Moving away from the conventional ‘white saviour’ narrative typical in historical dramas, The Settlers makes its UK debut on February 9, 2023, offering a stark and unapologetic glimpse into a tumultuous chapter of Chilean colonial history. Under the direction of Felipe Gálvez, this film stands out as a daring and profound first feature, delving deep into the more sombre aspects of human nature and historical events.
The setting, in Chile’s late 19th century, particularly within the untamed expanse of Patagonia, forms a fitting backdrop for a narrative steeped in exploitation and violence. Central to the plot is the expedition led by José Menéndez, a role brought to life with gripping intensity by Alfredo Castro. Known for his expansive agricultural holdings across Chile and Argentina, Menéndez is a character who embodies the unyielding and often ruthless essence of colonial ambition.
In this narrative journey, Menéndez is joined by figures such as MacLennan (interpreted by Mark Stanley), a Texan cowboy (portrayed by Benjamin Westfall), and notably, Segundo (played by Camilo Arancibia), who is of mixed Chilean heritage. Stanley’s portrayal of MacLennan is layered, revealing the intricate moral conflicts present in colonial ventures.
Arancibia’s Segundo poignantly encapsulates the internal turmoil of someone torn between diverse cultural identities, serving as a microcosm for the larger historical and cultural turmoil of the time.
Their trek across some of the most forbidding terrains on the planet brings them face to face with both settlers marking their territories and indigenous tribes. The film unflinchingly portrays the severe violence of the era, including scenes depicting dismemberment, sexual assault, and murder, underscoring the extremities of human actions in the absence of legal and moral restraint.
Director Gálvez’s vision for “The Settlers” is bold and empathetic. He weaves a narrative that is visually arresting and emotionally resonant. The cinematography beautifully captures the majestic landscapes of Tierra del Fuego, using expansive shots that starkly contrast the brutal events of the story, adding a layer of poetic reflection on the film’s central themes.
The story undergoes a significant shift in its final act, focusing on the broader political implications of the colonial expedition. This is marked by the introduction of Vicuña, a government official played by Marcelo Alonso, whose portrayal injects a new level of political intrigue and moral complexity into the film.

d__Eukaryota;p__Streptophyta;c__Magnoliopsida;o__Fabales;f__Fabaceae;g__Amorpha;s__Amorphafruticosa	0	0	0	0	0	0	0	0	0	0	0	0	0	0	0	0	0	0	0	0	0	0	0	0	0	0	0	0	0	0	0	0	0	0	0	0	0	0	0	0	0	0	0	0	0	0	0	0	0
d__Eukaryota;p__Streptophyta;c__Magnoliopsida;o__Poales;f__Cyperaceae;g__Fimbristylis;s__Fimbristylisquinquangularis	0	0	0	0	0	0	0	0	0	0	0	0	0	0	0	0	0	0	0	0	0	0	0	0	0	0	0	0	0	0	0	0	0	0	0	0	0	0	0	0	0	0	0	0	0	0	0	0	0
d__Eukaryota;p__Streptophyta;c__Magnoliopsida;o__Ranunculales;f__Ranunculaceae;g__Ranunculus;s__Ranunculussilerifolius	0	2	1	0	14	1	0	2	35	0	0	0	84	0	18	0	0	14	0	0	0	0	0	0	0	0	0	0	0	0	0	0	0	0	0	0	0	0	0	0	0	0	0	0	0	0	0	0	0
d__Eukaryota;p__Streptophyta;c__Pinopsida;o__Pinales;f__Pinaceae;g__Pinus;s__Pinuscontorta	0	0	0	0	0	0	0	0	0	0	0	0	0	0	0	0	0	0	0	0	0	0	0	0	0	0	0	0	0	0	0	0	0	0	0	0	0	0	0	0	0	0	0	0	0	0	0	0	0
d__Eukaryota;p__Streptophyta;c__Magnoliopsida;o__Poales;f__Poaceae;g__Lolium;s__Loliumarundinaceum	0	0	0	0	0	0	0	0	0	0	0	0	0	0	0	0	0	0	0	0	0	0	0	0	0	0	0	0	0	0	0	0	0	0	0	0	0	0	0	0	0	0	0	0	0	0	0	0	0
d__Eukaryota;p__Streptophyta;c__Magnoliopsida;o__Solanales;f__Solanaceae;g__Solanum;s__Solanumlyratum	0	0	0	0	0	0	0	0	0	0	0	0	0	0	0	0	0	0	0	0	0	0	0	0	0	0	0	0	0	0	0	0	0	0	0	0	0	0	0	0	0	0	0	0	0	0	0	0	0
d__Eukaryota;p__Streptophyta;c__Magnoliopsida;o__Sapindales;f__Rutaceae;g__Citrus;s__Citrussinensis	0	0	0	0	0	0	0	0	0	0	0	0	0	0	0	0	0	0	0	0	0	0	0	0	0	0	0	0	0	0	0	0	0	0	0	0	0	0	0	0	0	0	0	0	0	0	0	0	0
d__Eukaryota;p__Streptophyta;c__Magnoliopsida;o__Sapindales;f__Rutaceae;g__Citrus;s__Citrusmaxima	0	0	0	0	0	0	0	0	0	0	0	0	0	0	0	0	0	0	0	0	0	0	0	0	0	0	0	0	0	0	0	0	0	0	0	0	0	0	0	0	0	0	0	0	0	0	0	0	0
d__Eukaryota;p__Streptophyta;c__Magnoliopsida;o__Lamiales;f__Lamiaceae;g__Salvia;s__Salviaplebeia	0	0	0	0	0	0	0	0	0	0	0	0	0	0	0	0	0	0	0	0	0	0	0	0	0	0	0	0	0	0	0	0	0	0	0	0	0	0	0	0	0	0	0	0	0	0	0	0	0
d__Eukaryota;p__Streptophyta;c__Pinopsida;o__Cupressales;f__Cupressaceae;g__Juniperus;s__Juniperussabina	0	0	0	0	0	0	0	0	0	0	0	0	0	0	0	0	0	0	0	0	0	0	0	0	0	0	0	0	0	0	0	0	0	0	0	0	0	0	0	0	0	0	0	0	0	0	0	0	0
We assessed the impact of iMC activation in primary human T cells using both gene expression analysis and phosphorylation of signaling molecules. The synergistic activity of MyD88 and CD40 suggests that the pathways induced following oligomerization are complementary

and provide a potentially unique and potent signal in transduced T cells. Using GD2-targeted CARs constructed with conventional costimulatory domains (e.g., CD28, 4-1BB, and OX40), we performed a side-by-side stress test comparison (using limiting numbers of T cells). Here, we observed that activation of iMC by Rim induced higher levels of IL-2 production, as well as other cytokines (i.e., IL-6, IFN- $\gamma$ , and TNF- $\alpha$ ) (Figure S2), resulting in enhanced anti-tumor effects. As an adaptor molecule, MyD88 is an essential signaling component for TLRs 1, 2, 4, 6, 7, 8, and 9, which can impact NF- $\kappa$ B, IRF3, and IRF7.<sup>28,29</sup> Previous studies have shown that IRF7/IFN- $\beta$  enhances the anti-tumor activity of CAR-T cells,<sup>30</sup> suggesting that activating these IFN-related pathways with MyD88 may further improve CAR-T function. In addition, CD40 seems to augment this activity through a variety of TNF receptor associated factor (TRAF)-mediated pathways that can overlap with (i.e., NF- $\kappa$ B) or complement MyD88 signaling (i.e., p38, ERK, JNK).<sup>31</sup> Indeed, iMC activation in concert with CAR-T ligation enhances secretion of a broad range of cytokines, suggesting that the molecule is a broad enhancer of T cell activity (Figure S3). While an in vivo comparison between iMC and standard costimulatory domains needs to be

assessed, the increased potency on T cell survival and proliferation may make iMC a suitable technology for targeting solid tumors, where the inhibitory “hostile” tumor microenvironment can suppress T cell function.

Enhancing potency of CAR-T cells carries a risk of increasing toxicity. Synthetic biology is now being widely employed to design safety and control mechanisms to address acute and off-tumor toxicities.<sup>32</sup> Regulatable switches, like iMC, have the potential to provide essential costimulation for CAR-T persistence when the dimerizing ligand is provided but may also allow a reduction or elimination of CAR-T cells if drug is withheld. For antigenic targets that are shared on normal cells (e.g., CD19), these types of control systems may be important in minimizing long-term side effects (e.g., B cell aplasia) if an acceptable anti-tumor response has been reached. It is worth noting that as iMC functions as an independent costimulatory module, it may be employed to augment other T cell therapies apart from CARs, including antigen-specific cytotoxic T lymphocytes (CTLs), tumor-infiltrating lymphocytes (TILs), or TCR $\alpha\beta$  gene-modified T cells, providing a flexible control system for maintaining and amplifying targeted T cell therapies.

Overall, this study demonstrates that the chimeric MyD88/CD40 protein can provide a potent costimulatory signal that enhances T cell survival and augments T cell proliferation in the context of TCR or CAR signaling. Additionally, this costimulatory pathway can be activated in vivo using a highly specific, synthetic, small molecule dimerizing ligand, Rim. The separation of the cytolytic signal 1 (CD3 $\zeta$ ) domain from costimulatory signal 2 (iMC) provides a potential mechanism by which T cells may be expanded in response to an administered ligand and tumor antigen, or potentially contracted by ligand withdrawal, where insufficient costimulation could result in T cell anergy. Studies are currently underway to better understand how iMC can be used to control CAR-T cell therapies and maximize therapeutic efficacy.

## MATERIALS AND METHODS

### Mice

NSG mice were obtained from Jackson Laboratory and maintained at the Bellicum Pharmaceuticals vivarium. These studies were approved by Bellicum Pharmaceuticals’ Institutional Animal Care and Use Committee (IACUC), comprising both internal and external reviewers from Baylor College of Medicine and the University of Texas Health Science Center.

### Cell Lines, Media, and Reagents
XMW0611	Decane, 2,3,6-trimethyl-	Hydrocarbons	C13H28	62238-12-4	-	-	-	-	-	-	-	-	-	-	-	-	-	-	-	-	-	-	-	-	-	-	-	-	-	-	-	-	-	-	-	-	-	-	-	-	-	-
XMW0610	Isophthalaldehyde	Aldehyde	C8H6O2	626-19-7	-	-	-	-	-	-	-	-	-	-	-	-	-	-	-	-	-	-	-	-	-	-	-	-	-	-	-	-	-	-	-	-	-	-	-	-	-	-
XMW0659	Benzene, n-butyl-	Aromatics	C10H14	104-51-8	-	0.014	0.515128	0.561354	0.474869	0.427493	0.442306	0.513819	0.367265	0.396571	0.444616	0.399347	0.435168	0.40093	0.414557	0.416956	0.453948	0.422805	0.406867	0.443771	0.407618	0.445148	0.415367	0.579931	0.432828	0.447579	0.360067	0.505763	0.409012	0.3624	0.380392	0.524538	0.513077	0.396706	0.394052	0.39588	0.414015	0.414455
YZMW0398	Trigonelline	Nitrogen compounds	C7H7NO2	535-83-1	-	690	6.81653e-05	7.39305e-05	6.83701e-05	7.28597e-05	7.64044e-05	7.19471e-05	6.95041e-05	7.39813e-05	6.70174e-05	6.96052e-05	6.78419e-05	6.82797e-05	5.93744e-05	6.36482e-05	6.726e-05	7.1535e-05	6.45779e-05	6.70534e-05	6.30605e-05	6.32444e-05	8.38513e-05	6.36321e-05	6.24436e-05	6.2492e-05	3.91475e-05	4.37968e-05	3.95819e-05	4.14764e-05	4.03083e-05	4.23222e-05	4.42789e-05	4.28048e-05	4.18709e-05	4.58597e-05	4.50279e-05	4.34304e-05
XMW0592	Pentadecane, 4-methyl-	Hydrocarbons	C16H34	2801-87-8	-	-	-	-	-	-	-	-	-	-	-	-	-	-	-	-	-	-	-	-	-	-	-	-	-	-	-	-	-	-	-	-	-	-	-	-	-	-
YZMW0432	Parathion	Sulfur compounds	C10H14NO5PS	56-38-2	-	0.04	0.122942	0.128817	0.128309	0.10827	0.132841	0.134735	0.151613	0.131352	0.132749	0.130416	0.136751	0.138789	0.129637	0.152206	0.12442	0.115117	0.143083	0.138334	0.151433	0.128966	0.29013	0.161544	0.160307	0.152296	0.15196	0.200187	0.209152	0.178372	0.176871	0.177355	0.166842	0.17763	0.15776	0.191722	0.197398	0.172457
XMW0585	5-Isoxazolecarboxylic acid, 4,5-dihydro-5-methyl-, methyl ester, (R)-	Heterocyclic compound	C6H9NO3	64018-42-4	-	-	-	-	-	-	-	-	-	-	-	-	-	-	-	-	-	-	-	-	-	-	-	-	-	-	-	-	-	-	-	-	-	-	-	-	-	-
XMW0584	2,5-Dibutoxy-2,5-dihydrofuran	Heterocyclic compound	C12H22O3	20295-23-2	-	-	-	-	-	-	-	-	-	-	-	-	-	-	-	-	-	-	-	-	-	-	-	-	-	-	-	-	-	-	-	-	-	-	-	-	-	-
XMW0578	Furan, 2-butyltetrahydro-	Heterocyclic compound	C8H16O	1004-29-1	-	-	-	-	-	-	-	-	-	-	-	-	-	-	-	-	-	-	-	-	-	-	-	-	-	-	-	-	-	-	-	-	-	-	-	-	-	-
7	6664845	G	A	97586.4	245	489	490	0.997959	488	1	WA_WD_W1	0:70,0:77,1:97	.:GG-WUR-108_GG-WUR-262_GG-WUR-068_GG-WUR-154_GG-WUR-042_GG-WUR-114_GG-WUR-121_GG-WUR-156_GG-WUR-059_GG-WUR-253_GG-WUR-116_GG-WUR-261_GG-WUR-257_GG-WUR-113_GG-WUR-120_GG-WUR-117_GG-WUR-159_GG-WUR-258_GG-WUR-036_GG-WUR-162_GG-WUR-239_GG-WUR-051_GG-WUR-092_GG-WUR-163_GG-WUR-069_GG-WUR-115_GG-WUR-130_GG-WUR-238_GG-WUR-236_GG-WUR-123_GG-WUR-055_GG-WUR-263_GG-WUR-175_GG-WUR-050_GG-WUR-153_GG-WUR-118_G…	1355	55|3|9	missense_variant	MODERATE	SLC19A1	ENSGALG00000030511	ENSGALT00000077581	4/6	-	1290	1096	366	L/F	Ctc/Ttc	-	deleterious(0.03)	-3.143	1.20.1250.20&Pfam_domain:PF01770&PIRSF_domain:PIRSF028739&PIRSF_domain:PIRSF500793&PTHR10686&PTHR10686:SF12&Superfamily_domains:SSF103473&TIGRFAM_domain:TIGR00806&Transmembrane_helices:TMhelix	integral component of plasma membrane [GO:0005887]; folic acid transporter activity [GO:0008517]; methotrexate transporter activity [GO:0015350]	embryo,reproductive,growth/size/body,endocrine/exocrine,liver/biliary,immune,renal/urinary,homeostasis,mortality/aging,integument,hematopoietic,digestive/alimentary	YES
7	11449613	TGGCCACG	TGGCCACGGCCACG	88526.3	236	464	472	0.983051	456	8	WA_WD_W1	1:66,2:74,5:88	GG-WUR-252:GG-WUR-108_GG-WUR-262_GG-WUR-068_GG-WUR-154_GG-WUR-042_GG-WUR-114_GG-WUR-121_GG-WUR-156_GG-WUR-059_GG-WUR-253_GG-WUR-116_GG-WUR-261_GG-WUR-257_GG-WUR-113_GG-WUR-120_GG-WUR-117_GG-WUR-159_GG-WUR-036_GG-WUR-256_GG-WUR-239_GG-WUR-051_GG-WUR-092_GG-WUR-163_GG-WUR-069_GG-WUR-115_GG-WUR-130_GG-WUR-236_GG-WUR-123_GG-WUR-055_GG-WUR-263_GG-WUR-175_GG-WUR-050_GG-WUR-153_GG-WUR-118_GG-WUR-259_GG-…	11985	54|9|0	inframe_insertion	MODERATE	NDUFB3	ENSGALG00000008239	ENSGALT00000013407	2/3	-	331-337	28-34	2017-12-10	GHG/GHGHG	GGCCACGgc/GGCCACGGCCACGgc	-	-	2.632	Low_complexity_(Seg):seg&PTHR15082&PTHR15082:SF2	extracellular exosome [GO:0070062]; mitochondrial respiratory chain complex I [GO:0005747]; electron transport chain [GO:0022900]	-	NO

Vicuña’s character is pivotal in highlighting the broader consequences of colonialism, as his interactions with Menéndez and Segundo illuminate the power dynamics and ethical dilemmas intrinsic to the colonial process.
Alonso’s nuanced performance portrays Vicuña as a complex figure, seemingly pursuing justice for colonial wrongdoings while entangled in political manoeuvring and the uncomfortable balance between power and justice. The dialogues and interactions among these characters, especially in the film’s latter half, reveal various perspectives within the colonial framework, reflecting the film’s critique of the era’s political and moral landscape.
Moreover, the film utilises Vicuña’s character to explore constructing national identity and crafting history. His efforts to unify the nation under a sanitised historical narrative are met with resistance and scepticism, especially from Segundo. This resistance signifies a rejection of simplified historical views, advocating for a more accurate and comprehensive understanding of the past.
The Settlers extends beyond a mere historical recount, elevating the conversation to the lasting impact of colonialism. It invites viewers to reflect on how history is recorded, remembered, and utilised to shape national identities. Through Vicuña’s character, the film scrutinises the narratives that nations build and the truths they choose to acknowledge or overlook.
“The Settlers” emerges as a significant historical film and a profound exploration of human nature and moral ambiguity. The performances by Castro, Stanley, Arancibia, and Alonso bring depth and life to the narrative, establishing the film as an essential work in contemporary cinema. It challenges the romanticised perspectives of colonial history and offers a fresh, critical lens on a period often glossed over in cinema.